orders which are a barrier to full exploitation of the motor power available are not recog.. nized. Someti~es recovery from perceptual prob.. lems, for ~nstan~e following a head injury or a stroke 18 rapId anld no harm is done. In those who have persistence of perceptual problems which are a barrier to management recognition of them has to come from th;

exa~ner an? there is no reason why the physIotherapIst should not do some of this examination herself or at least ask if such problems have been excluded when she takes on the patient. If the patient can be made aware of his disability and is reminded constantly that he must allow for it, the message does sink in in a number of cases.. I remember one intelligent patient who had a large white bow on her left wrist to remind herself that ~t was there and another who put up identifyIn p clues on her bed and various places she mIght want to go to in her house. One can never underestimate the ingenuity of patients who are agnostic for their perceptual prob~ lems but who, once told, are intelligent enough to compensate for them in various ways..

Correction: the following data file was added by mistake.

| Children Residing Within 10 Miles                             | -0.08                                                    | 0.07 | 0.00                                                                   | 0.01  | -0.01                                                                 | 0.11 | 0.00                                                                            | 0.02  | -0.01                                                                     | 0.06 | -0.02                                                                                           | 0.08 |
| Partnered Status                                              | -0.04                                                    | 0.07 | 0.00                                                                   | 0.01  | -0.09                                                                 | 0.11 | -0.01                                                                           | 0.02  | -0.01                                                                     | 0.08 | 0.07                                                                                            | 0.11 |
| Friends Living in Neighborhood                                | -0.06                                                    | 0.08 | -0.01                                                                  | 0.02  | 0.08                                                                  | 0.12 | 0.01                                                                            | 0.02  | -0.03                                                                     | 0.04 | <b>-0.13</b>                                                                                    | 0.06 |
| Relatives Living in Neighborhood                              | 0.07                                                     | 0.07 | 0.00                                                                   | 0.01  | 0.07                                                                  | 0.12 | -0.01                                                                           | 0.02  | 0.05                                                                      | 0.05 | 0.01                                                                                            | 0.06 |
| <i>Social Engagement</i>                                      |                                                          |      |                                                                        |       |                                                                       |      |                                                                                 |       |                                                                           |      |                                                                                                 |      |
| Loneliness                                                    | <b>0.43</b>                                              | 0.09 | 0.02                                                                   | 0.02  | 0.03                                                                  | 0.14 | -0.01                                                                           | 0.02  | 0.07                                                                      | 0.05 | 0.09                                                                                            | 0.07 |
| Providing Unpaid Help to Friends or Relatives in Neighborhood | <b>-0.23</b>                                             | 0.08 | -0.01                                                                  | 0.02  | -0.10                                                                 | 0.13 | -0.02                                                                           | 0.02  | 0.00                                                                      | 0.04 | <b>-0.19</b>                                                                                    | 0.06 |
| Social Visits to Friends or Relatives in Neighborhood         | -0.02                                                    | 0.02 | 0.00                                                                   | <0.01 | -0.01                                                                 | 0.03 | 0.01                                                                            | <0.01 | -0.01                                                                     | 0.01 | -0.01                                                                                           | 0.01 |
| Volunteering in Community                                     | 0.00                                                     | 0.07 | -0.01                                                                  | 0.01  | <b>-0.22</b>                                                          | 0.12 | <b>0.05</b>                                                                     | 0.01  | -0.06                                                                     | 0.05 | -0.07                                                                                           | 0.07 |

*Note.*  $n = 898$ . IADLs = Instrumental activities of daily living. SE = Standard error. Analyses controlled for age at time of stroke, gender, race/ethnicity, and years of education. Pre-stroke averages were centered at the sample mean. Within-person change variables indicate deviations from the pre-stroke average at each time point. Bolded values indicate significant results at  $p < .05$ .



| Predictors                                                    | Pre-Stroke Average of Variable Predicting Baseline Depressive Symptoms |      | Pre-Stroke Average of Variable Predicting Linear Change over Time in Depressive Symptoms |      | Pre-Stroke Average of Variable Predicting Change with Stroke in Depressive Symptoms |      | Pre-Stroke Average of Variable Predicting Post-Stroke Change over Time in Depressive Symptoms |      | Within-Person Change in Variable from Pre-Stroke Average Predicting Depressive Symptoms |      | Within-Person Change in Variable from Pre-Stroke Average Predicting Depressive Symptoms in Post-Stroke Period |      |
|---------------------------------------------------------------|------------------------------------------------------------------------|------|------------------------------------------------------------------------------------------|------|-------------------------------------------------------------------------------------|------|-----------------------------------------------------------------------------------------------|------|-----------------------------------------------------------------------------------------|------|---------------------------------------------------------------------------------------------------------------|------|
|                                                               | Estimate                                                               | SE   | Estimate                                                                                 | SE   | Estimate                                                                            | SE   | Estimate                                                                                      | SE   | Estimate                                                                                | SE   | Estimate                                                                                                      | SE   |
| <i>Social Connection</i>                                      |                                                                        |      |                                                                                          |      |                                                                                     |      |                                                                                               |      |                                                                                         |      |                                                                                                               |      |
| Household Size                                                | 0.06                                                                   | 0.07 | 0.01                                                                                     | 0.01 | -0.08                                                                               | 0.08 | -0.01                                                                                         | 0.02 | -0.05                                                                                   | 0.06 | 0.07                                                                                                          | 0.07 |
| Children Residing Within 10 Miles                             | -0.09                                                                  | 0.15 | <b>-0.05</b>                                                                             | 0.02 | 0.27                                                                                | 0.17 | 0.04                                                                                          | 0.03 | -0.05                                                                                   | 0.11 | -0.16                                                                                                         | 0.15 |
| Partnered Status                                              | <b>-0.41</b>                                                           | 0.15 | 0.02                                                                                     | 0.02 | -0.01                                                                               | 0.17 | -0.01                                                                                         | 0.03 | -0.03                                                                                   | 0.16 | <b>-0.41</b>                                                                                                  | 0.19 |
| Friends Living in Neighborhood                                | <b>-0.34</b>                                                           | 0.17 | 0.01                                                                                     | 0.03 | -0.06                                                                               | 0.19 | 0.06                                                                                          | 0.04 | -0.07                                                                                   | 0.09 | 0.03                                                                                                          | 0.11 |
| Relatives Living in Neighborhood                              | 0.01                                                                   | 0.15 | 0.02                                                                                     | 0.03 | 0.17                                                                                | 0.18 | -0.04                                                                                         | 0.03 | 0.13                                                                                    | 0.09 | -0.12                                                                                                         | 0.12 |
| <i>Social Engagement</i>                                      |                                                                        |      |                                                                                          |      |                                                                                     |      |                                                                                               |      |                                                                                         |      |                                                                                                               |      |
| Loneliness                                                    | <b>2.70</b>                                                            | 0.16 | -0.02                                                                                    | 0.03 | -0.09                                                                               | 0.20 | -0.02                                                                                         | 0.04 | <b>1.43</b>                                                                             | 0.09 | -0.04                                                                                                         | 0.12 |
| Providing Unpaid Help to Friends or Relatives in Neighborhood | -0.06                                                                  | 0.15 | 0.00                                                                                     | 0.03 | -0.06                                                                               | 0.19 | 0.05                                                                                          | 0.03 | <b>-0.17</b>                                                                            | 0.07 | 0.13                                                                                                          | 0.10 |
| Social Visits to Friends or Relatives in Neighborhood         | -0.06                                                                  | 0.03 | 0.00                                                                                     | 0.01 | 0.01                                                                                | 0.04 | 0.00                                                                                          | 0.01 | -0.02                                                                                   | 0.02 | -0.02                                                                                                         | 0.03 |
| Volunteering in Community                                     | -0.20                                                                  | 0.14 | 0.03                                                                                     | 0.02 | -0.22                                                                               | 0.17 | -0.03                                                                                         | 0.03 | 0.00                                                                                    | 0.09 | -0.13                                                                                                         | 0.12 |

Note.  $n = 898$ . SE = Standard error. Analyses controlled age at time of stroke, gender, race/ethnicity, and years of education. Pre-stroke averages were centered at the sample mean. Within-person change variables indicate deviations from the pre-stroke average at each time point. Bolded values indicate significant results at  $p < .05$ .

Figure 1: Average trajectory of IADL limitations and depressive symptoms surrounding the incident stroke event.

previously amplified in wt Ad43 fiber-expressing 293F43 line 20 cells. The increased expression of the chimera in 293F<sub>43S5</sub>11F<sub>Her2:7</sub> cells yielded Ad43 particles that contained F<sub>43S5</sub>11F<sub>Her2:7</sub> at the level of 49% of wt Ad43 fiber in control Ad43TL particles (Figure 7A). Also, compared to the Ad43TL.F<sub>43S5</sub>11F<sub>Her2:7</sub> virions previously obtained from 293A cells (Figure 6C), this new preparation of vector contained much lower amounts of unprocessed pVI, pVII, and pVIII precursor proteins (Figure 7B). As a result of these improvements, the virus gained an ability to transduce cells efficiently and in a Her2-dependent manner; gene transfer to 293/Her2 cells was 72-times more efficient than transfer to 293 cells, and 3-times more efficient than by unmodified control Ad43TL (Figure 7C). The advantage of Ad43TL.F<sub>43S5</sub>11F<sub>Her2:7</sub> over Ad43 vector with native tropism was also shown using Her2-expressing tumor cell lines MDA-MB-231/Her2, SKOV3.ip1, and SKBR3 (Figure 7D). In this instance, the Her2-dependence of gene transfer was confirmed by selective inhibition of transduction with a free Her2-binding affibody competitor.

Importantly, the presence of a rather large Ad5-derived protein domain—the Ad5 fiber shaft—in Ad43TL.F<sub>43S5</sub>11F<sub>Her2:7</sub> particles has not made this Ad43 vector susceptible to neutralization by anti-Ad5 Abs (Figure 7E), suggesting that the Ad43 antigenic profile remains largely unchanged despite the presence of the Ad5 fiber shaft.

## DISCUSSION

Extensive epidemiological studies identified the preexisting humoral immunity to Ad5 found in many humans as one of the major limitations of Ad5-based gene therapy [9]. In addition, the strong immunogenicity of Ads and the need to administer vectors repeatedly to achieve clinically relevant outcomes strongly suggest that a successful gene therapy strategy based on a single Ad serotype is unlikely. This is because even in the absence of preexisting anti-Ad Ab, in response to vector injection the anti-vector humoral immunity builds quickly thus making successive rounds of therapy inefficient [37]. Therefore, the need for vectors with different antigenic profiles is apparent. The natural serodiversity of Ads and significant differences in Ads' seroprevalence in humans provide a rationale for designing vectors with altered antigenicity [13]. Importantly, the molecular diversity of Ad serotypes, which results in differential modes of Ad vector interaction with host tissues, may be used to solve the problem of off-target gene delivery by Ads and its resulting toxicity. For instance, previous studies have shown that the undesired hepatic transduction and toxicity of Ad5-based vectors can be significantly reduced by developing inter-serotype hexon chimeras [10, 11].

There will be a large number of course who will not recover and cannot' compensat; for their disability in spite of the best attempts of all concerned. But their reratives are much more likely to be of help if fore.. warned and much more likely to have confidence in the therapist if they know the situation which has to be confronted. If they know befo:eha~d ?bout.. a dressing apraxia and spatIal dIsorIentatIon for instance they are not likely to b~came so desperate 'when they see an applepIe bed or find butter in the oven or the patient vainly seeking for the bathroom in the garage. I ~o not s~ggest that it is appropriate for physIotherapIsts to embark on detailed neurological examination. I do suggest that by

Aust.J.PhysifJther., XVIII, 2, June,

1972~